Within two weeks of her arrival, Leu was in touch with Nollywood scholar and professor, Onookome Okome, who was doing a sabbatical at the Pan African University in Lagos. Okome linked her up with ace filmmaker, Tunde Kelani, who was then shooting Maami. “That was a great start,” said Leu, of her first location visit. “Once you got on TK’s set… everybody’s so connected and open, so willing to introduce you to their colleagues.” From Kelani’s set, she moved to Funke Akindele’s Jenifa set, to Emem Isong’s and Desmond Elliot’s for Kiss and Tell and to Daniel Ademinokan’s for the DaGrin biopic, Ghetto Dreamz, getting the chance to observe, interview and record as the months passed by. “That was such a great introduction to the film industry,” Leu reminisced. Her exploits on these sets were not limited to research though. Her presence incurred a few acting roles: a spot in the Jenifa trailer, her hair makes an appearance somewhere in Ghetto Dreamz and, “I believe my wakapass in Maami is on the cutting room floor somewhere,” Leu said.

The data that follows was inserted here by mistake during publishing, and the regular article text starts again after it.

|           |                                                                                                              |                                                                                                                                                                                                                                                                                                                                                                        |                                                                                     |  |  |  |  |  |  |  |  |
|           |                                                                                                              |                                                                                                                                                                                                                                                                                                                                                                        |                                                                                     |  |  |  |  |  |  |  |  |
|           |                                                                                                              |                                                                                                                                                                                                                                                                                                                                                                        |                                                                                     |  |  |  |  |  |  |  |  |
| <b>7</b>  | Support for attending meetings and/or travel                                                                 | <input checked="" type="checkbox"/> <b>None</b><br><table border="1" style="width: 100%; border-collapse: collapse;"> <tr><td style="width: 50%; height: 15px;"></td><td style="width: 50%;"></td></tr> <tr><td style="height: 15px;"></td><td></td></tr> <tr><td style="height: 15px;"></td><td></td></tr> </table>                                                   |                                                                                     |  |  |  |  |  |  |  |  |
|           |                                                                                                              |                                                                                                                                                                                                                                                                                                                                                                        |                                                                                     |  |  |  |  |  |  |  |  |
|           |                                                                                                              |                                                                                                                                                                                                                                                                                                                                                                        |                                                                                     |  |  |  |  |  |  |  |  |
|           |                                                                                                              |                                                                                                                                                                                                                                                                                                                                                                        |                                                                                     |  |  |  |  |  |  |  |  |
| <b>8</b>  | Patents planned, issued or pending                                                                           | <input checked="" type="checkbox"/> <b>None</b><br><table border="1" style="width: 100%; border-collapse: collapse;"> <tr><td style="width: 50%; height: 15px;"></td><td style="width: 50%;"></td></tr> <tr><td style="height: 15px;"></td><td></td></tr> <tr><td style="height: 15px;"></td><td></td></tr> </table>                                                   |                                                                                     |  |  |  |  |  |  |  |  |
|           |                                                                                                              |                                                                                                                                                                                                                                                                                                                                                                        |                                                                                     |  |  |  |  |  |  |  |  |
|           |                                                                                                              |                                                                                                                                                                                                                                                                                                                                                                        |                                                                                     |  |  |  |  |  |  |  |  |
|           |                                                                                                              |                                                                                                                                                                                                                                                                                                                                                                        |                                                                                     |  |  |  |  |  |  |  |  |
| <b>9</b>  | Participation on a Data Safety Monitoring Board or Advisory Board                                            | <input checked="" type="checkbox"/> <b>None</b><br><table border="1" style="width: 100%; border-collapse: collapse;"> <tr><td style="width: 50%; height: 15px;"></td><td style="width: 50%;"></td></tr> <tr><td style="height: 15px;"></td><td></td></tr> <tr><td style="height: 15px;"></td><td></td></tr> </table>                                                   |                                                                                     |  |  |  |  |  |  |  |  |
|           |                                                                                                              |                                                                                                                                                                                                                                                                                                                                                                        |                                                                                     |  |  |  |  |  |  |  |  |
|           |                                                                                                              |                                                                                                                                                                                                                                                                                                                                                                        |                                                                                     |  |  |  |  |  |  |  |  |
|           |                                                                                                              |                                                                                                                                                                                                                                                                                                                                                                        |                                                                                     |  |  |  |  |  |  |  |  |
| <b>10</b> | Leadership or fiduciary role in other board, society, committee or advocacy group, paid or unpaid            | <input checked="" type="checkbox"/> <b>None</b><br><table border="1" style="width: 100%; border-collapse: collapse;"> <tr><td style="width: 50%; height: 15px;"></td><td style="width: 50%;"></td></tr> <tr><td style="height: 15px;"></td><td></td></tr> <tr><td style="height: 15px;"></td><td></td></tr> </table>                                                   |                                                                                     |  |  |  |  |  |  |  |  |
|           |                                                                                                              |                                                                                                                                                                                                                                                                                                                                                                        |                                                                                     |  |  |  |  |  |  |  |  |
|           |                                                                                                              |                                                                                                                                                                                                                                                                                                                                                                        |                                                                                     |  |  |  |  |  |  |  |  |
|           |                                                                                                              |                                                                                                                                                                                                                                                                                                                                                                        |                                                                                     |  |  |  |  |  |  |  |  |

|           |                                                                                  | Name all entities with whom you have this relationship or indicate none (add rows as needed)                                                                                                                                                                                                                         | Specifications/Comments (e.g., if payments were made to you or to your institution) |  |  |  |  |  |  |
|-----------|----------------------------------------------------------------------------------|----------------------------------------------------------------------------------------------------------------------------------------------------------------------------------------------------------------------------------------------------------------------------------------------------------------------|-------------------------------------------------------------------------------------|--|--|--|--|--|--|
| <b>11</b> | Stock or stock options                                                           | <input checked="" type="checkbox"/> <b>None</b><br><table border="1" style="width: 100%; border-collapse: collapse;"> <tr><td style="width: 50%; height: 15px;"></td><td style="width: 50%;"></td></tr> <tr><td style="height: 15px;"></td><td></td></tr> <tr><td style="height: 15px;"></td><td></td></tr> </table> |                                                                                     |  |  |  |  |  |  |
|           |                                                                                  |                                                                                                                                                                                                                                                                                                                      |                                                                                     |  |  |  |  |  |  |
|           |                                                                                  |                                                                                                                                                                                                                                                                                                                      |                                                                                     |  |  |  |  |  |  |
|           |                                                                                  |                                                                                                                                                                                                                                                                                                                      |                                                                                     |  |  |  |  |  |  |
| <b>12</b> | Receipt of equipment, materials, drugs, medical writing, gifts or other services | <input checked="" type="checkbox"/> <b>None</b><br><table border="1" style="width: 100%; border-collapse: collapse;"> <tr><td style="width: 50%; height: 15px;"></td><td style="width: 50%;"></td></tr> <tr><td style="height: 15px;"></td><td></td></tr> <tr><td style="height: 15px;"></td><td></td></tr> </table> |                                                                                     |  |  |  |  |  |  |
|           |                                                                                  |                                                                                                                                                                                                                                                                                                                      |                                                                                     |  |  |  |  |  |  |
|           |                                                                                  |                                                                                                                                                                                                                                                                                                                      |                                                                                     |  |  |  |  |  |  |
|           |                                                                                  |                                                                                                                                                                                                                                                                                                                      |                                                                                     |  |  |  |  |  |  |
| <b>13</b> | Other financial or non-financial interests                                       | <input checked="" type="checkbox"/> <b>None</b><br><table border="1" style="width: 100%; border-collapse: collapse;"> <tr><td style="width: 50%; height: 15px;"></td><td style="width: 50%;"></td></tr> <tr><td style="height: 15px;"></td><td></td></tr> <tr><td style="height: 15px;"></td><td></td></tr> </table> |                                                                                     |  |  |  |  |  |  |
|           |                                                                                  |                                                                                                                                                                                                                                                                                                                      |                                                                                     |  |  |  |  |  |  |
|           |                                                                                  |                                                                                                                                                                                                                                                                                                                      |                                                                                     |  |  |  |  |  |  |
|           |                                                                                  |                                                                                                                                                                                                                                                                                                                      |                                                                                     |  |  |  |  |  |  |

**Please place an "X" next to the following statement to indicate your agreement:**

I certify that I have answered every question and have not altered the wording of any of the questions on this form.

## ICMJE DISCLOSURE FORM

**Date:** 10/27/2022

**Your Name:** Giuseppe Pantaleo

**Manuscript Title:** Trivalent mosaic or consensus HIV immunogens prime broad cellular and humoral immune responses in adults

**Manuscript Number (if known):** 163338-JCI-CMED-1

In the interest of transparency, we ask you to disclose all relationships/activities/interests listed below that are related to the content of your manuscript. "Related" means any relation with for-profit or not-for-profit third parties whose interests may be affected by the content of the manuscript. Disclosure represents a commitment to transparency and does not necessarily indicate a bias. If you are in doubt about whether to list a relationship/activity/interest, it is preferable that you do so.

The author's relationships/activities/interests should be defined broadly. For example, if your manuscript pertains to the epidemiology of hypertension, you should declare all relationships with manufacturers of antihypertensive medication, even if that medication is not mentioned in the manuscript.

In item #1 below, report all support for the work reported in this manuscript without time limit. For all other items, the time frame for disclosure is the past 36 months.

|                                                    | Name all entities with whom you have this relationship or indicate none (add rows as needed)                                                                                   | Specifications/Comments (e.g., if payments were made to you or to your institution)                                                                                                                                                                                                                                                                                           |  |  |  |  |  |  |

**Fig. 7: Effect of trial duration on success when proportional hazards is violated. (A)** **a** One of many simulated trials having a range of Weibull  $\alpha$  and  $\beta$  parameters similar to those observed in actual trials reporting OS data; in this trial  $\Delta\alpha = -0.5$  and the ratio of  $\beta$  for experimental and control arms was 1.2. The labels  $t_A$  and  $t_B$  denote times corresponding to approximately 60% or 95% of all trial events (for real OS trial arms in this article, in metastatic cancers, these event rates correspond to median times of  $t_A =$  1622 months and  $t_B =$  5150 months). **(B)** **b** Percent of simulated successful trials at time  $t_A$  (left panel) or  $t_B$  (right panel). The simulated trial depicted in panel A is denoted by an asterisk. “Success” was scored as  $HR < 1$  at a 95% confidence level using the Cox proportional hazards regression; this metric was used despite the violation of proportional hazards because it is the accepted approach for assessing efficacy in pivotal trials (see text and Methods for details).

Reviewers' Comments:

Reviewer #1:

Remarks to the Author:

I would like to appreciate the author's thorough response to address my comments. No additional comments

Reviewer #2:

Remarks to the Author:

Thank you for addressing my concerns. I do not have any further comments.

IMPROVING NOLLYWOOD

Work on these sets was also very professional and punctuality was not to be messed with, she said. Leu initially thought it was “complicated” for Elliot and Isong to be shooting two films simultaneously. That impression soon changed. “In reality it was like this machine; some days we pumped out like 40 scenes a day, which is insane. And it worked!” This time it sounded like a confident boast.